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Comment Re:COMAPRISON REQUIRED (Score 1) 64 64

I fail to see how that is relevant to my point.

There are two paths you might wish to take. You want to know the chances of something bad happening in each one, regardless of what each one actually is.

They need to be compared, because as far as the patient is concerned, they are alternatives she needs to chose between.


Comment Re:Not exactly like Superfish (Score 1) 289 289

You have to follow the money.

User doesn't update. User gets hacked. How much did user cost Samsung? Nothing.

Use updates. Drivers stop working. User calls Samsung tech-sup. Possibly, user gets told to restore machine, costing user all of their data. User posts bad reviews.

The economy of the matter is that sometimes the drivers mismatch (I'm not sure why this happens) or otherwise fail to work properly. Samsung has very little influence over what drivers get pushed through the update mechanism. When the drivers don't work, it costs Samsung money.

When I worked at Check Point, someone there used to joke that Check Point is in the connectivity business. People know you cannot connect to the Internet without a firewall.....

The truth of the matter is that there is no trade-off between security and usability. An unusable security device will get turned off by the user, resulting in less security. Usability is as important a driver to security as avoiding buffer overruns. Obviously, at least as far as Samsung is concerned, MS isn't doing a good enough job on that front.


Comment Not exactly like Superfish (Score 2) 289 289

This is not malicious. It is stupid and ignorant, but not malicious.

This reminds me of when someone got Verisign to issue a signed certificate saying "". Clearly Verisign, and not MS's, fault.

It turned out Microsoft could not issue a revocation, because Internet explorer does not check CRLs. MS's fault, right? Wrong. They were not testing CRLs because verisign would not bring up the web server that issues them, causing each and every SSL connection to time out. MS preferred, reasonably IMHO, to be insecure over not working.


Comment Sue them for defamation (Score 1) 180 180

Or is it slander? I'm not a lawyer.

In essence, these sites claim that your site is maleware/spam. This seems to me to be an actionable claim.

Furthermore, winning such a court case would also result in companies not automatically listening to those falsly reporting, or placing a proper appeal process into their blocking procedures.


Comment Re:so what about all the *other* stuff? (Score 1) 218 218

It does have a domestic function, but I suspect that's not what you meant. I thought it was implicit in my reply, but here it is explicitly: The NSA does not have any domestic spying function, charter or legitimacy.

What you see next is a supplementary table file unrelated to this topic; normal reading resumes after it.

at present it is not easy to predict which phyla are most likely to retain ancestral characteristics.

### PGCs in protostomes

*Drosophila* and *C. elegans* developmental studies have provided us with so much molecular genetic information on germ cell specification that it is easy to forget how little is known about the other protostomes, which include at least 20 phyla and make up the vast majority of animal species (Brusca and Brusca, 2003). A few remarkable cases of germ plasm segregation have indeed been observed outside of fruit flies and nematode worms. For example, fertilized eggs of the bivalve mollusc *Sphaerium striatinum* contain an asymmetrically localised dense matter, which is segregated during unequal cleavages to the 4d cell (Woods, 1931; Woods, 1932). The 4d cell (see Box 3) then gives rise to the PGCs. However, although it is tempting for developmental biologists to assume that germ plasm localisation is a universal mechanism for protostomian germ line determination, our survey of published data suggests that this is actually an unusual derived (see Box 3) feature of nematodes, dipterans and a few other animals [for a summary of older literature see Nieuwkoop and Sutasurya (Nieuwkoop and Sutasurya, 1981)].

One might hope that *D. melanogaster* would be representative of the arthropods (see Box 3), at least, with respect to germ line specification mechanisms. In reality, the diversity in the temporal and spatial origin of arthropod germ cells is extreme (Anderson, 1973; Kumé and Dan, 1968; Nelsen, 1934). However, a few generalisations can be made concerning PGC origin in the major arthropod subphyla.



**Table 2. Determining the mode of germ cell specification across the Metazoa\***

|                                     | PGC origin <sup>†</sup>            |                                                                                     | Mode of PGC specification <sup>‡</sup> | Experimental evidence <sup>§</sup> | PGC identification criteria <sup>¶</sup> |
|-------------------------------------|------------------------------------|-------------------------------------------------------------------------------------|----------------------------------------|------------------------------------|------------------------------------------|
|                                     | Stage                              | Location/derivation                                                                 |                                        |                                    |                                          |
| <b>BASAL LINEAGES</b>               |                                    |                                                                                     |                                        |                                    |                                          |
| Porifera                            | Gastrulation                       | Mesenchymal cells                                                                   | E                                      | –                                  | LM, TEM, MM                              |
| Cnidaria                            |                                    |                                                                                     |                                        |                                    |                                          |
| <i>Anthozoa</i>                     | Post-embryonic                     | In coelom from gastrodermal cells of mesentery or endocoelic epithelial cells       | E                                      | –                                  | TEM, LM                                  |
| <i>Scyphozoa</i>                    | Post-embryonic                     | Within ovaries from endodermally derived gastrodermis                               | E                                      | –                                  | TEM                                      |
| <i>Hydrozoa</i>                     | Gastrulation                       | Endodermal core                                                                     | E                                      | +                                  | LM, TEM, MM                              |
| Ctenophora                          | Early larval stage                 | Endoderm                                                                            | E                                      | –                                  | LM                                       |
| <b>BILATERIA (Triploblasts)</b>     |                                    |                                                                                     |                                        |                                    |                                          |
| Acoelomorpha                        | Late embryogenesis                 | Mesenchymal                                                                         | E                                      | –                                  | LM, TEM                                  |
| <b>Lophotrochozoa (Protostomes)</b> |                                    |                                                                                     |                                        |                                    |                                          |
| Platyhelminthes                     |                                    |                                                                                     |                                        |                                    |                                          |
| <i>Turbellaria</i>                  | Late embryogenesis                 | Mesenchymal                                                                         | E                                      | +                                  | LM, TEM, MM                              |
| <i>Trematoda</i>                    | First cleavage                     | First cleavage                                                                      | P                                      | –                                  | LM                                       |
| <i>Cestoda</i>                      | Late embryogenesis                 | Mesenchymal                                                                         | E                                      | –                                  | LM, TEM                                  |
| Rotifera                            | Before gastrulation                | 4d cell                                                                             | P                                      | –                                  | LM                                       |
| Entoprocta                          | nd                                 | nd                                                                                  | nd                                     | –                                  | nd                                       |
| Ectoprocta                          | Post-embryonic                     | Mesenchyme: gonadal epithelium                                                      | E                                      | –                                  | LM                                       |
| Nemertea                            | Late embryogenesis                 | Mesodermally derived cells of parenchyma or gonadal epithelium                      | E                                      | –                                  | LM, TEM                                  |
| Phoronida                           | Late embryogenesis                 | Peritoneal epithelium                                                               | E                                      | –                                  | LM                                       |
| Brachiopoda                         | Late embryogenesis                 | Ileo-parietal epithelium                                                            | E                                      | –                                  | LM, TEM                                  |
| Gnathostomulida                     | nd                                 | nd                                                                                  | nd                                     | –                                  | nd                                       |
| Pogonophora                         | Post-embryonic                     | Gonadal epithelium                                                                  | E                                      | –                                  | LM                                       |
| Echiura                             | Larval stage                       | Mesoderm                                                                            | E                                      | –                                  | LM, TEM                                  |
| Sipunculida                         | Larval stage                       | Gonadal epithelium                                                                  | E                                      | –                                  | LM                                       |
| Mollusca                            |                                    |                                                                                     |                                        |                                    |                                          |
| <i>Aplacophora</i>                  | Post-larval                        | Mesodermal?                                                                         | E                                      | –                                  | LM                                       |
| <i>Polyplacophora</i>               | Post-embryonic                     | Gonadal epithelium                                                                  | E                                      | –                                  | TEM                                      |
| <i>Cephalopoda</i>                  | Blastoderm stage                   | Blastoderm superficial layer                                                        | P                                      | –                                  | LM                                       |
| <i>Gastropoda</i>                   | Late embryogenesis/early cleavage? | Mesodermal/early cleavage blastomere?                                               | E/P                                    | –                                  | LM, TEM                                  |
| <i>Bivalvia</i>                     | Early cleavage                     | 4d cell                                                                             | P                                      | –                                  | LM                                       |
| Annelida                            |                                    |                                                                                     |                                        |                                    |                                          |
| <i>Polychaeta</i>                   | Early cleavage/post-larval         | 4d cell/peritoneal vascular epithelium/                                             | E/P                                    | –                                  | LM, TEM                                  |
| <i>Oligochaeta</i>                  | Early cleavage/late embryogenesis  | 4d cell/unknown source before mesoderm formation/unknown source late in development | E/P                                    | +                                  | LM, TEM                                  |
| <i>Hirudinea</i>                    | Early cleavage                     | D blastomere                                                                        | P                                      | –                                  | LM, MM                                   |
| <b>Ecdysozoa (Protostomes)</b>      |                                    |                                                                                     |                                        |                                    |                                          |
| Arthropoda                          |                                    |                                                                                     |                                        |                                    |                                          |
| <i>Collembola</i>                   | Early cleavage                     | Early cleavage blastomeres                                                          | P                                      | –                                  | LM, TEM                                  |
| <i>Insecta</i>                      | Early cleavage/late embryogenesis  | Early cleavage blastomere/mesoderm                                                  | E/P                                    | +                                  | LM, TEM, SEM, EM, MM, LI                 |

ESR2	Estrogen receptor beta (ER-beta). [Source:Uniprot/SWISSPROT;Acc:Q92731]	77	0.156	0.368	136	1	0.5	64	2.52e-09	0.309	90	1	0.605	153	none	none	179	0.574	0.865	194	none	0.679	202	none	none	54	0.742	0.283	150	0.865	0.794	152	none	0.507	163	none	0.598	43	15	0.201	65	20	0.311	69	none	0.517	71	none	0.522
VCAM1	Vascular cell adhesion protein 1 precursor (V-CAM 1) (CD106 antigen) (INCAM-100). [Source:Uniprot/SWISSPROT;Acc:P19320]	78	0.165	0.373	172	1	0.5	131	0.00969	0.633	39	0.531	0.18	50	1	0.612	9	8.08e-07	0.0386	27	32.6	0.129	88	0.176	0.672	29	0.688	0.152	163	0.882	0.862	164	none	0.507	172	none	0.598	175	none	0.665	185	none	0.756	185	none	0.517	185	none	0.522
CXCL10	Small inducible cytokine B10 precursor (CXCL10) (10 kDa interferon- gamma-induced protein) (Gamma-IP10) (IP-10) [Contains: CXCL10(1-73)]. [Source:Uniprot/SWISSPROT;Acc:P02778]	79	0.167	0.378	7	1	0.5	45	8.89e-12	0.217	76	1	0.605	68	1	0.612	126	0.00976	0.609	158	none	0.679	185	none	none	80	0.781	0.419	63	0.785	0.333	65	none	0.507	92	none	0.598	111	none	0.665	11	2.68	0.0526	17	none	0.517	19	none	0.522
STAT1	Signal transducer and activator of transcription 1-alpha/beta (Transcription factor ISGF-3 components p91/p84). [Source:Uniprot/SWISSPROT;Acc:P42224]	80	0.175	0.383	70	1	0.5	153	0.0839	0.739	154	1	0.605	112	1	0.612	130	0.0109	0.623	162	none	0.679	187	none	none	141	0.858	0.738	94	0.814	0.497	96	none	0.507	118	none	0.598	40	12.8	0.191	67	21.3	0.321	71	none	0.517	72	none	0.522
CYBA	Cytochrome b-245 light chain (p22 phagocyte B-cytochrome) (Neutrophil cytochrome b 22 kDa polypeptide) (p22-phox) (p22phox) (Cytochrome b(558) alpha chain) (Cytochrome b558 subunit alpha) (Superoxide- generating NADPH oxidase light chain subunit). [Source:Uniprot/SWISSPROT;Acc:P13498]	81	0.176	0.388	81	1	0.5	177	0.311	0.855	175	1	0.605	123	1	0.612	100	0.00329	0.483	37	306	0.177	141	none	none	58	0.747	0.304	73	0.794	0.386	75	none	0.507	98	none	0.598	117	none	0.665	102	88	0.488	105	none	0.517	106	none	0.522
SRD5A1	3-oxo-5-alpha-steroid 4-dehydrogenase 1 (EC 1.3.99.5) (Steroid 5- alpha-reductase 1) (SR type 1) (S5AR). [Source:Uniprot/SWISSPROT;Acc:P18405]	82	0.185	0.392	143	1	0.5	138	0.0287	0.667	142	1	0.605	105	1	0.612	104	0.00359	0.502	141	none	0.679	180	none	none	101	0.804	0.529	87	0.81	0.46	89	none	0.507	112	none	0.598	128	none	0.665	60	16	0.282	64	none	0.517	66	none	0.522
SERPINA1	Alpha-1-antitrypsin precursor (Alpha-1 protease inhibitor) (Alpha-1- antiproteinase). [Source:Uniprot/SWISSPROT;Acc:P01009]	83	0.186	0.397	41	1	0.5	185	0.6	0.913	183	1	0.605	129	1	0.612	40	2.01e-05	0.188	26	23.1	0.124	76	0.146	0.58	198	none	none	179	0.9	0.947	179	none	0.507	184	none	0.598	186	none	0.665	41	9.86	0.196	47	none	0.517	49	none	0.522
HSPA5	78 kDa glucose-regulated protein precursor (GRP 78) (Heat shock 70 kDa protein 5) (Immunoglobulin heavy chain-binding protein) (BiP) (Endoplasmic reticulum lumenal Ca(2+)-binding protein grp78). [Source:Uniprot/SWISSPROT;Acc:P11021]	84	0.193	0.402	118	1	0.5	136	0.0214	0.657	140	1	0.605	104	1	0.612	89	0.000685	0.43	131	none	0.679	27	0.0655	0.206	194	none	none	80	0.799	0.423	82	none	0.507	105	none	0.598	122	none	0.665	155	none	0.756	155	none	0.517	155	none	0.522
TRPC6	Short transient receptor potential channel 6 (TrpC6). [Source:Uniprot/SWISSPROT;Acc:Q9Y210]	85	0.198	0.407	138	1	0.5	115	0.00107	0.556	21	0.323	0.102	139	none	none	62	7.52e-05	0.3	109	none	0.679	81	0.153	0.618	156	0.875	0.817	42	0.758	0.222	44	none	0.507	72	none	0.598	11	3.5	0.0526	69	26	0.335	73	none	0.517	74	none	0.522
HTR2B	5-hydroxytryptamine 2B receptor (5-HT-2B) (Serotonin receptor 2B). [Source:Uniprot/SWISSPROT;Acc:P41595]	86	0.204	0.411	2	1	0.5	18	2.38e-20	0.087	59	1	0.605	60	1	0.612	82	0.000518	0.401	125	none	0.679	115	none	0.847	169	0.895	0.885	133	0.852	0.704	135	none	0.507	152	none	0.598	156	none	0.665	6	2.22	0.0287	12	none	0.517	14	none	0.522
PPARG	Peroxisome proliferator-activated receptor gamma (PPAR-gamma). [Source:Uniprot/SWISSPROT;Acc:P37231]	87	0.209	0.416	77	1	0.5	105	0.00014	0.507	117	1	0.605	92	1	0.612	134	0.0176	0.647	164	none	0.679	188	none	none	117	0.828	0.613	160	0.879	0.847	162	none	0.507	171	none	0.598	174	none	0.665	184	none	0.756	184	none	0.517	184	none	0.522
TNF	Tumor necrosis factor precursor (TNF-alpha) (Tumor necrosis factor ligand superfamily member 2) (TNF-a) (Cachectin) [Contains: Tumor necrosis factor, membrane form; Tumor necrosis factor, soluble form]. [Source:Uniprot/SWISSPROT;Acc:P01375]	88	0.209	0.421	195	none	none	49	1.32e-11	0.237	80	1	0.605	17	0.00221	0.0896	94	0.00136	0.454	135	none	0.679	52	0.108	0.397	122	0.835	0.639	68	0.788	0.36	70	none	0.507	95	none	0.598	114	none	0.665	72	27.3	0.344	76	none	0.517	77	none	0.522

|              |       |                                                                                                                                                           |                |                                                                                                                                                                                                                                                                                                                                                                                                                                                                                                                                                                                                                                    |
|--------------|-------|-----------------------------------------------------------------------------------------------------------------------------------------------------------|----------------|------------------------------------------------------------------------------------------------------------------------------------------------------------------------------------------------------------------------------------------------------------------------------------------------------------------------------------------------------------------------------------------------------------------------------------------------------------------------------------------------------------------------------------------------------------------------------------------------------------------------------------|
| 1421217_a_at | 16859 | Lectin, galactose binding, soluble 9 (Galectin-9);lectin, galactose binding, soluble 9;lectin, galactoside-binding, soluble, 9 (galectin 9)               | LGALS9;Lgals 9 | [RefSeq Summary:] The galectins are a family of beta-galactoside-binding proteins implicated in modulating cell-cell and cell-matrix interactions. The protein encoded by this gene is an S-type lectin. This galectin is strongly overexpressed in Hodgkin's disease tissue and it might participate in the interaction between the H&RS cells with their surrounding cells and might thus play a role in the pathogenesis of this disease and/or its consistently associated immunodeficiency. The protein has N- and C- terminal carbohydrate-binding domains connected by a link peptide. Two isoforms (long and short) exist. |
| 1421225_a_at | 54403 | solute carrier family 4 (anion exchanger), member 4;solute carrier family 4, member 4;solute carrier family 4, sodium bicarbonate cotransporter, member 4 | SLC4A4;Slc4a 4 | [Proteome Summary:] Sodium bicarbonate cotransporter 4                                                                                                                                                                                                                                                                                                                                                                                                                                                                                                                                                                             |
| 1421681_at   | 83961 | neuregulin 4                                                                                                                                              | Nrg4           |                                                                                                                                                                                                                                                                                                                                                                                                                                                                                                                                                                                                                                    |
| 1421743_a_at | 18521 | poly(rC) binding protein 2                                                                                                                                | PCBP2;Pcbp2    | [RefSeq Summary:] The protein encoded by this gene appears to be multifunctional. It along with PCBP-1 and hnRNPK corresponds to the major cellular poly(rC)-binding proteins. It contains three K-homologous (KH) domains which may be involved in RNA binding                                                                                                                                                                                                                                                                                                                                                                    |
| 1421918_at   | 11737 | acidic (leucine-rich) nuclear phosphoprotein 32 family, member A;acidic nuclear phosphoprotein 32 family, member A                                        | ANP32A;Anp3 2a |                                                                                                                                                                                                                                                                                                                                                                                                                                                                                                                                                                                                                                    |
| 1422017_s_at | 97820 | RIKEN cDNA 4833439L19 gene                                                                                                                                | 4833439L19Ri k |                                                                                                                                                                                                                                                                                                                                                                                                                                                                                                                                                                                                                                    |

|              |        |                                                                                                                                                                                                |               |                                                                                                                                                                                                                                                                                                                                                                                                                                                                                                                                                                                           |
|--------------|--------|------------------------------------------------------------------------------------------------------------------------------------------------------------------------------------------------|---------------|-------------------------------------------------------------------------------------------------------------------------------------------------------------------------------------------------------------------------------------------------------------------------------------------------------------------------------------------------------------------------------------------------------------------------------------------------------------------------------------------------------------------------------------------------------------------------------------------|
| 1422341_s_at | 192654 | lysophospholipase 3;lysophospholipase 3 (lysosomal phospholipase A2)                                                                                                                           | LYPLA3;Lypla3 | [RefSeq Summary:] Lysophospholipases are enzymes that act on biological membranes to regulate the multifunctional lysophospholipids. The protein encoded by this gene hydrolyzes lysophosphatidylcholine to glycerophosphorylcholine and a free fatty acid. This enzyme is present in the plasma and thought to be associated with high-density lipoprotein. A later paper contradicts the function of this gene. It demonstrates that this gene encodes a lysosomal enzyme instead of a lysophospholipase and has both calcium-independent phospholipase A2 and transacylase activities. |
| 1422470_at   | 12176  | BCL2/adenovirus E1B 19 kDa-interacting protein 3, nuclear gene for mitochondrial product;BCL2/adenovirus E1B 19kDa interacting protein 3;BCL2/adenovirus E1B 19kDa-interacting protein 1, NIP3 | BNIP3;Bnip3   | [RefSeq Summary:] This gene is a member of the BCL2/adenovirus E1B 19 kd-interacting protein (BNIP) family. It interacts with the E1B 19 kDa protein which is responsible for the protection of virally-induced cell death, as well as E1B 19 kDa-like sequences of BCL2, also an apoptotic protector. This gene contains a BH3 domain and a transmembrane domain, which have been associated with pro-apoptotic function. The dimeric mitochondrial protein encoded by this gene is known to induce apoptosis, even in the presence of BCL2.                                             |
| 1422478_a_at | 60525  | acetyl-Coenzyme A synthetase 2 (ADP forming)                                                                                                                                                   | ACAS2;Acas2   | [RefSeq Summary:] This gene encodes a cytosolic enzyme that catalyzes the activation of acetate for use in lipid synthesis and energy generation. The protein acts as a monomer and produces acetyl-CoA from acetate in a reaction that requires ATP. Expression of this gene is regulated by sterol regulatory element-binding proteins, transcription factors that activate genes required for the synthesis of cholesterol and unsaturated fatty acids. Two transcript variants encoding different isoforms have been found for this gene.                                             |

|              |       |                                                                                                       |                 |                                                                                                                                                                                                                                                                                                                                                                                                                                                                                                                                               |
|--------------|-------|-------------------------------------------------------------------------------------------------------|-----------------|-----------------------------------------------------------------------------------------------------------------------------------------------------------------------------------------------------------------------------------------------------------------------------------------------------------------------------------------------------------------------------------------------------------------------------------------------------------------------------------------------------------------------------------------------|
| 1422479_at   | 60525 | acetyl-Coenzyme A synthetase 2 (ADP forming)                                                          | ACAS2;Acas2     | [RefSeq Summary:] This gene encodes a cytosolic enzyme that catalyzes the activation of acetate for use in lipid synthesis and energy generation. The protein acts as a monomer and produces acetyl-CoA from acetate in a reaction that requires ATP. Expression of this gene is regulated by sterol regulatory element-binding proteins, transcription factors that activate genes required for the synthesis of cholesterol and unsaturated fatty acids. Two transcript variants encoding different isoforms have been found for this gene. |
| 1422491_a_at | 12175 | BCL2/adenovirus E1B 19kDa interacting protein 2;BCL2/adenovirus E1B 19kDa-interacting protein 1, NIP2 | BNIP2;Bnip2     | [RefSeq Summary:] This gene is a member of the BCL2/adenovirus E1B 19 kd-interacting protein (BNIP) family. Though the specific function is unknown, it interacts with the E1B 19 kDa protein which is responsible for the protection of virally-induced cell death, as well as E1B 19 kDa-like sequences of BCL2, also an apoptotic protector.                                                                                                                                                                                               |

* By "spying", I mean data collection. Analysis of otherwise legally obtained domestic data is where I'm not sure where I stand. On the one hand, letting a military oriented organization perform police work (and vice versa, e.g. SWAT teams) leads to exactly the sort of bad behaviour we are all glad might soon be over. On the other hand, developing this huge organization specializing with data analysis, and then not using it when you need to seems like a waste.

Where things stand today, where the overstepping is so huge, I understand people's reaction in saying "no, do not let it do anything domestically". Then again, if we were to start from scratch, I could see a function for it as an operational arm carrying out search and computer related eavesdropping warrants for the FBI.

Like I said, I'm not sure where I stand on this.

Comment Re:so what about all the *other* stuff? (Score 4, Interesting) 218 218

No. It does not all die.

First, please remember that the NSA is a spy agency. So long that their targets are legitimate (more on that in a second), they are expected to do everything within their powers to get to it.

Subverting the standards was a low blow, but as the ol' Tennessee saying goes "fool me once.... shame on... you?". Of course, by the time those standards were drafted, the standards body should have already known better (selling Enigma based encryption devices to foreign countries well into the 70's, anyone?). I'm hopeful, however, that we'll get spared "third time a fool".

As for the other activities, well, this is how spying gets done. That is how you spy on people in this day and age. With all of the justified criticism of the NSA, it would still be bad if they couldn't spy at all. They do, in fact, have a function to fulfill, and it is a function that needs fulfilling.

Circling back to who the targets should be. Spying against friendly foreign country leaders is not against the the law, or even, as far as I understand it, against the NSA's charter. It is an extremely foolish thing to do, but I don't think changing the law is the way to handle it.


The most difficult thing in the world is to know how to do a thing and to watch someone else doing it wrong, without commenting. -- T.H. White